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Accounting Methods Give Unreliable Stock Valuations

Bloomberg news reports that stock valuations of companies are lacking in accuracy.

They take as an example, Autodesk Inc., a software company. On paper, their accounts look like they are in complete disarray. The company has been losing money for the past three years, and the book value of the company — a value which is found once the assets are sold and the company’s debts are repaid — is a net negative. Nevertheless, over the past twelve months, the company’s stock valuation increased by twenty-three percent, which is almost twice the S&P 500.

This is an extremely high valuation, and could be an indication of what some observers have called the “froth” of the bull run that has lasted for the past nine years. On the other hand, there are others who do not share this perspective and would see the very high stock valuation from a completely different angle and in another light of illumination. From their, different, point of view, the company is in fact made to look far worse than it actually is because of accounting methods and rules that are old, outdated, and not useful.

Bloomberg News talked to Baruch Lev, who is the New York University (NYU) professor of finance, and who published a paper in 2017 that started a debate about this issue of valuation. He said that, “You get numbers which are highly inflated for some companies, and are understated for other companies,” he said, “It doesn’t make any sense.”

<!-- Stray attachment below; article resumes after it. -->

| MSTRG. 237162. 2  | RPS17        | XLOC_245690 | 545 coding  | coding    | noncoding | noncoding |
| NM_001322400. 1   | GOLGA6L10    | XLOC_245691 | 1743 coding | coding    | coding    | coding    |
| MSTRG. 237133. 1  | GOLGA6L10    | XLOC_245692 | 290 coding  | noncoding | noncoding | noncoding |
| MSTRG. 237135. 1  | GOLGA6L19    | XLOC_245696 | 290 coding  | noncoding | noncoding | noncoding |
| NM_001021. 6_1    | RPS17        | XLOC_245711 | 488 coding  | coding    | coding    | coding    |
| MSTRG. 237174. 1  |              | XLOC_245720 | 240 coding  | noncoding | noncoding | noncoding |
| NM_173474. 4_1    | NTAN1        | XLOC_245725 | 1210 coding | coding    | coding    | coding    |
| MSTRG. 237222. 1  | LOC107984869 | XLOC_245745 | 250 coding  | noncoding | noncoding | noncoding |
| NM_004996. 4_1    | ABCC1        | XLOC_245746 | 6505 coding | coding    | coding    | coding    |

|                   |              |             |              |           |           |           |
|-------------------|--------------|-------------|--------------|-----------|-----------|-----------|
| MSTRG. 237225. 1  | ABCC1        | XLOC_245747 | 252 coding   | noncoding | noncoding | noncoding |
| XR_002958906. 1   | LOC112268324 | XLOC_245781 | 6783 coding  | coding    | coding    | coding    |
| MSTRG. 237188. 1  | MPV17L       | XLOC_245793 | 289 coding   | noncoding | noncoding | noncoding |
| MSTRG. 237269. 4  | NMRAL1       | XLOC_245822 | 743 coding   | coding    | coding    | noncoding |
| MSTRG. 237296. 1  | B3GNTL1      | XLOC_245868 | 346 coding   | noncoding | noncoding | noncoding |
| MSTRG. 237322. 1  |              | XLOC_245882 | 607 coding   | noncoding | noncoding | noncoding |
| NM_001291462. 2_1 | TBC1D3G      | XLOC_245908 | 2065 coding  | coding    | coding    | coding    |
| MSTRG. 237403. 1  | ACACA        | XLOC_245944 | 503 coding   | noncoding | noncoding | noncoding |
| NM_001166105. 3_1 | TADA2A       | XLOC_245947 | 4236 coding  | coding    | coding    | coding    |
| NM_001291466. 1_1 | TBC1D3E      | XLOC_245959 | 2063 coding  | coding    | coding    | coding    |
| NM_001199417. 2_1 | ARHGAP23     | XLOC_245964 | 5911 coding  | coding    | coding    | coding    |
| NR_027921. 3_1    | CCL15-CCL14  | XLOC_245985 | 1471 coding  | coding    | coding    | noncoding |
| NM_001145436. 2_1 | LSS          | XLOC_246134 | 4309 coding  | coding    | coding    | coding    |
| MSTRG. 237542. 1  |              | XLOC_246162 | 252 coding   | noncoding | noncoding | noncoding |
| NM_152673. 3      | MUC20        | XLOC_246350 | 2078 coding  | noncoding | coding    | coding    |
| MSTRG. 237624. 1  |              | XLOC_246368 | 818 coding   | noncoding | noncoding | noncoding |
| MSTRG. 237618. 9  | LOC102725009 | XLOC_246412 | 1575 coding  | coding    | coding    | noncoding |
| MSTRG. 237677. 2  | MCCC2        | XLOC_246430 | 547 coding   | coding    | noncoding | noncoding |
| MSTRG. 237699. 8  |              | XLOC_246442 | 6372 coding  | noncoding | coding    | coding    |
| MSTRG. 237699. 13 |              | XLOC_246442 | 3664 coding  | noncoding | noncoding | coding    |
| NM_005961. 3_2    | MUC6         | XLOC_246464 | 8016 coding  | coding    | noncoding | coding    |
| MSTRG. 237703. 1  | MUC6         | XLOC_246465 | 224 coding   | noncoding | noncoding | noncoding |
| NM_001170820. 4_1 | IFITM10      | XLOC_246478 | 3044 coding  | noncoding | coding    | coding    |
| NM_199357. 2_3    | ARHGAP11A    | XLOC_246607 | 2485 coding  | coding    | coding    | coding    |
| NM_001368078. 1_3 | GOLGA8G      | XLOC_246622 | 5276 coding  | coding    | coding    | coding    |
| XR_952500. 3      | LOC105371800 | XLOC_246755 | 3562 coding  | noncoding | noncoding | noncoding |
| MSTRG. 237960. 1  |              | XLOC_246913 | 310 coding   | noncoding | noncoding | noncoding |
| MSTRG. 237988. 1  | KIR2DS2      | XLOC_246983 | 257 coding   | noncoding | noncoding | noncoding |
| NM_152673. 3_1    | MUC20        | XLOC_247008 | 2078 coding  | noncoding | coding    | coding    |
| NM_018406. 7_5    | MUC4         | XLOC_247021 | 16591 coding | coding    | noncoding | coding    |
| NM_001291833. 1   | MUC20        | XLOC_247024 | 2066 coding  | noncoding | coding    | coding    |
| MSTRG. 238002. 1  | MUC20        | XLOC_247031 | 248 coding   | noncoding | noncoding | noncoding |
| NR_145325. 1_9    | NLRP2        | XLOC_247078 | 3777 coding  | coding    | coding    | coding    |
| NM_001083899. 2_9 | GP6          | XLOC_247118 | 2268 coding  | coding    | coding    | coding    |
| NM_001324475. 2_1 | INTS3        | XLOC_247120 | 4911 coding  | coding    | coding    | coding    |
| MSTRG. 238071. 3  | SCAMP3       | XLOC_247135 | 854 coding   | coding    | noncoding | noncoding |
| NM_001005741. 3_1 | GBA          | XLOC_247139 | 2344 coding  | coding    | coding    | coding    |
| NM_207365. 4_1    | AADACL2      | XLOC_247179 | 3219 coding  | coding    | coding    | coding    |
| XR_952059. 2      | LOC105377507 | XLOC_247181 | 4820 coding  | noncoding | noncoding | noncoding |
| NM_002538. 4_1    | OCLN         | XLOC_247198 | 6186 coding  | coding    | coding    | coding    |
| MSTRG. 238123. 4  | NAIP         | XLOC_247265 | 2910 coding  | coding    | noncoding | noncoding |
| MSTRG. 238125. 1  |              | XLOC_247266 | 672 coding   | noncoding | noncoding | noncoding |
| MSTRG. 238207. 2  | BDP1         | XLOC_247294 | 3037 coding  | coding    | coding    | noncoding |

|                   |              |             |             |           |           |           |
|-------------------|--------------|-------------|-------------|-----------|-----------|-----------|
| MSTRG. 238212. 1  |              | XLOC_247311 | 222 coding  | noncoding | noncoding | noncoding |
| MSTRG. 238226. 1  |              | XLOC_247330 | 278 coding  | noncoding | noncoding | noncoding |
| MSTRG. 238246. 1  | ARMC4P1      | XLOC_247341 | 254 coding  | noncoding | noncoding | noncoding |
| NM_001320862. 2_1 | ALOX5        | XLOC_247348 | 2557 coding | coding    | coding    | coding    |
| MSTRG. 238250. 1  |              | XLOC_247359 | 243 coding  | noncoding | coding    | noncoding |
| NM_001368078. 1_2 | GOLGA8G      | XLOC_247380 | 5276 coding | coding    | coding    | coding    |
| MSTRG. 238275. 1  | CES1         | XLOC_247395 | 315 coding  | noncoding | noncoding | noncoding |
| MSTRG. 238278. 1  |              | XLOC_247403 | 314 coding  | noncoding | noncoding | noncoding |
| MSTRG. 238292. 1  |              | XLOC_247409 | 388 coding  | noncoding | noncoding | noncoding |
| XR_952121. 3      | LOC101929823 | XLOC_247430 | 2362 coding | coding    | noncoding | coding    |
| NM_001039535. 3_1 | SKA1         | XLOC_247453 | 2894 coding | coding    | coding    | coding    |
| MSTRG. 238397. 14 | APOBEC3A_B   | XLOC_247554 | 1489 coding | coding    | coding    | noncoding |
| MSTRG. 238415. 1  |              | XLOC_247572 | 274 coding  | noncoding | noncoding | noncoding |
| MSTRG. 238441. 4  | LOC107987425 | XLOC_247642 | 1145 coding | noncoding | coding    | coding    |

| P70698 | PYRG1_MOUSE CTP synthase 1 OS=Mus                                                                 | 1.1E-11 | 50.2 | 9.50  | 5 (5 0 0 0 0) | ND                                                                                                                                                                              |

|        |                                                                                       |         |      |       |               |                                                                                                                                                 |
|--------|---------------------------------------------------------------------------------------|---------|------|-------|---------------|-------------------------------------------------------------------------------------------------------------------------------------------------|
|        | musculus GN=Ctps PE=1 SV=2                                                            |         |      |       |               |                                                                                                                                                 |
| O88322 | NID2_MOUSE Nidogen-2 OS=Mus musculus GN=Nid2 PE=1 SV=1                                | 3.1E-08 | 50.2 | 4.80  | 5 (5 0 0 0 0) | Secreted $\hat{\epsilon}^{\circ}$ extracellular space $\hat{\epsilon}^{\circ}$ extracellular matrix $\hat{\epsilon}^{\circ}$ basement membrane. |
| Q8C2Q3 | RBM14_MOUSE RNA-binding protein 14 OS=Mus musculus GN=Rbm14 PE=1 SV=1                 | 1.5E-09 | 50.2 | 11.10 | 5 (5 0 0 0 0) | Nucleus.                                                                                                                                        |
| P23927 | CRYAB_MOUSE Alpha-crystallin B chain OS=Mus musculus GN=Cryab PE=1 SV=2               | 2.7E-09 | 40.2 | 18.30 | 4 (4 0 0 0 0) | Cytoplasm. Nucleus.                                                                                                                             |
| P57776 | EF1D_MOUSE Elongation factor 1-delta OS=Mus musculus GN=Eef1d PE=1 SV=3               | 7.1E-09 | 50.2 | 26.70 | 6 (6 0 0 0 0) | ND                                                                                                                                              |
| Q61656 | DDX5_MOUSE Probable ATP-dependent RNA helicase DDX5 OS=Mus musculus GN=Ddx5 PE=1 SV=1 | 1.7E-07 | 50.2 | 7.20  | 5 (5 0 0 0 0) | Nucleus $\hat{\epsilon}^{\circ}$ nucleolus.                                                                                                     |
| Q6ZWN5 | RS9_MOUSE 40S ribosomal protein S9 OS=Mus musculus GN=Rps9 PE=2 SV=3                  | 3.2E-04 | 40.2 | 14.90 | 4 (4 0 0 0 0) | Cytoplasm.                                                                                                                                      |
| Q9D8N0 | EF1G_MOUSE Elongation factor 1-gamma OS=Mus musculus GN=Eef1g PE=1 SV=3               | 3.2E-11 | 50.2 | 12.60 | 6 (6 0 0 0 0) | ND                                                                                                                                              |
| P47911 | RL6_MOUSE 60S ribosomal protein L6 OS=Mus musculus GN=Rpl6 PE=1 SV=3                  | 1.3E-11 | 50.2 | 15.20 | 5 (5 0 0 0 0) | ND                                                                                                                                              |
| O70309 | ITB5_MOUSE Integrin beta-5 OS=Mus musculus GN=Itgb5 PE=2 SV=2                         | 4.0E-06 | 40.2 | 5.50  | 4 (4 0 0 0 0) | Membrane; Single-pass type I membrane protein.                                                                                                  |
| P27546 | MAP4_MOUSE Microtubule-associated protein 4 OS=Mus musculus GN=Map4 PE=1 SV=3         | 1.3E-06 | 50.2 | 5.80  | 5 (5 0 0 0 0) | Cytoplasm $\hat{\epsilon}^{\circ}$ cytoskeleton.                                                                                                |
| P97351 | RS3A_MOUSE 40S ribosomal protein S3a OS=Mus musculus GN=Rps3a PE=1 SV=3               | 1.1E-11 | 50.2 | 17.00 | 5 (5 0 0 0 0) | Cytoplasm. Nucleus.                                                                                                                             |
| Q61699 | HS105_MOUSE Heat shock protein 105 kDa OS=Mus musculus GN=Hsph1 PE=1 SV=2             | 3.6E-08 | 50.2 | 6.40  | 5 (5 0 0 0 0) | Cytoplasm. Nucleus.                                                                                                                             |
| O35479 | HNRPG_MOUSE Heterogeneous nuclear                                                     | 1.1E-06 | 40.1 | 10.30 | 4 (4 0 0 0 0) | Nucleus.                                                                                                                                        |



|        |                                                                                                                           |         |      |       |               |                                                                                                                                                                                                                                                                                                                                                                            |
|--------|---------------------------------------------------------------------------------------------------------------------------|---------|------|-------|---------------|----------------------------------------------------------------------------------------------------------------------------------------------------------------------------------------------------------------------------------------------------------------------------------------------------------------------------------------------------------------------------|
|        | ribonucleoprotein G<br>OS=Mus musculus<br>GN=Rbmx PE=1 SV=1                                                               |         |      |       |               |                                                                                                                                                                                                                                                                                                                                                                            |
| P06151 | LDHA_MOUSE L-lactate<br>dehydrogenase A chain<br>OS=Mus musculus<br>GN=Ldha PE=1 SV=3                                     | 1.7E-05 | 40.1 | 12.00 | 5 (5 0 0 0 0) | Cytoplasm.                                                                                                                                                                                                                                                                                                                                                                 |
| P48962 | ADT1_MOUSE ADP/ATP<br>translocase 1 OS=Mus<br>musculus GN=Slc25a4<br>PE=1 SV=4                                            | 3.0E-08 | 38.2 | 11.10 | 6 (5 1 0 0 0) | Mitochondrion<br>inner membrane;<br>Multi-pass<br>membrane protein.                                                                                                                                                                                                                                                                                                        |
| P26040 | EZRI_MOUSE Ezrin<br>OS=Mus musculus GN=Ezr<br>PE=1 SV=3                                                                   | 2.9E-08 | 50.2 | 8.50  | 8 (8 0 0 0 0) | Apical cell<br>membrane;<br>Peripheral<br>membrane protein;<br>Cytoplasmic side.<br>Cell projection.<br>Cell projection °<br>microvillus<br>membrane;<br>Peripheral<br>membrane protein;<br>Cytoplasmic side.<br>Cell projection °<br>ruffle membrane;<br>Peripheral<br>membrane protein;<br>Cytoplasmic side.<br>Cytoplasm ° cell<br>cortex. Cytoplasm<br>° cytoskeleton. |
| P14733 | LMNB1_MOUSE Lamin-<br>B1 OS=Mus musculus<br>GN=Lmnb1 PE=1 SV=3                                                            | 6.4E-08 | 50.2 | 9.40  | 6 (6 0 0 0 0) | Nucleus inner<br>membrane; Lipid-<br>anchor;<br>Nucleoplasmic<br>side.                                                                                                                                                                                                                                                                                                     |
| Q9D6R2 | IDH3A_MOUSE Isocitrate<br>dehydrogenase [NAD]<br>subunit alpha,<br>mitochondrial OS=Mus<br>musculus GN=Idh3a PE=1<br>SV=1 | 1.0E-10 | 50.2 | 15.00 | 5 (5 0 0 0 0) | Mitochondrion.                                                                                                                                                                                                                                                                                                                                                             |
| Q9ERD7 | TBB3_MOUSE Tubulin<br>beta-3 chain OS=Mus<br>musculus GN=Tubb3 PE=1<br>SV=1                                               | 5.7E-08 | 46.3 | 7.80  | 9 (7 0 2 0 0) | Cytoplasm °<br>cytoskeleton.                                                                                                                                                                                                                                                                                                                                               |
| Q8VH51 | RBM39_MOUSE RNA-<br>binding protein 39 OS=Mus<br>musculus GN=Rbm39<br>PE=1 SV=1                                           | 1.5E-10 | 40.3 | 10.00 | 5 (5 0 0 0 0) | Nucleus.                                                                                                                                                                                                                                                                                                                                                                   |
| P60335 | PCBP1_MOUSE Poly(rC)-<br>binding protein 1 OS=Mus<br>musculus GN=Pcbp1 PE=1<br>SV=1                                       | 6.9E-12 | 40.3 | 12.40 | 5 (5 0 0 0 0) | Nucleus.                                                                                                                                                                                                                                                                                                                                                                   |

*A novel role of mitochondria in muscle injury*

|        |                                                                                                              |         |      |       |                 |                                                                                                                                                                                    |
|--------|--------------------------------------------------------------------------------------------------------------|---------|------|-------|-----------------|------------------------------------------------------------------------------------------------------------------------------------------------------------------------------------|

Bloomberg News tells its readers that this kind of argument tends to sit badly with the “old school,” who think that is simply apologizing for an overly-active and bubbling stock-market. The counter argument is that it would be a mistake to group the current bull-run with the dot-com bubble, because the larger point is that new methods of accounting are needed to adequately represent how a service-industry company operates, and that the current methods of accounting only really make sense if one is talking about shipbuilders or oil-drillers.

Bloomberg writes that accounting practitioners have been adjusting their methods for precisely this reason, in order to give greater weight to things that in the past were thought to be too vague and abstract to matter in the valuation of a company. The readers of Biznob may want to completely rearrange their stock investment portfolios as a result of this news, according to a source that wished to remain anonymous for reasons that they were at pains to keep discrete. They treat certain types of “intangibles,” for example factors that might give the company a strategic advantage, as similar to investments. Bloomberg News reported that the fund manager, Knowledge Leader Capital LLC, says that it perceives an additional $3.4 trillion of additional book value on the balance sheets of some 3,000 stocks that it monitors. If this is true, the price-to-book ratio changes, with a fourteen percent decrease.

By these different methods of accounting, Autodesk is seen to possess $7.8 billion in assets, compared to the previous valuation $4.2 billion on the books. They would also indicate that the company’s losses are in fact twenty-one percent smaller than reported.

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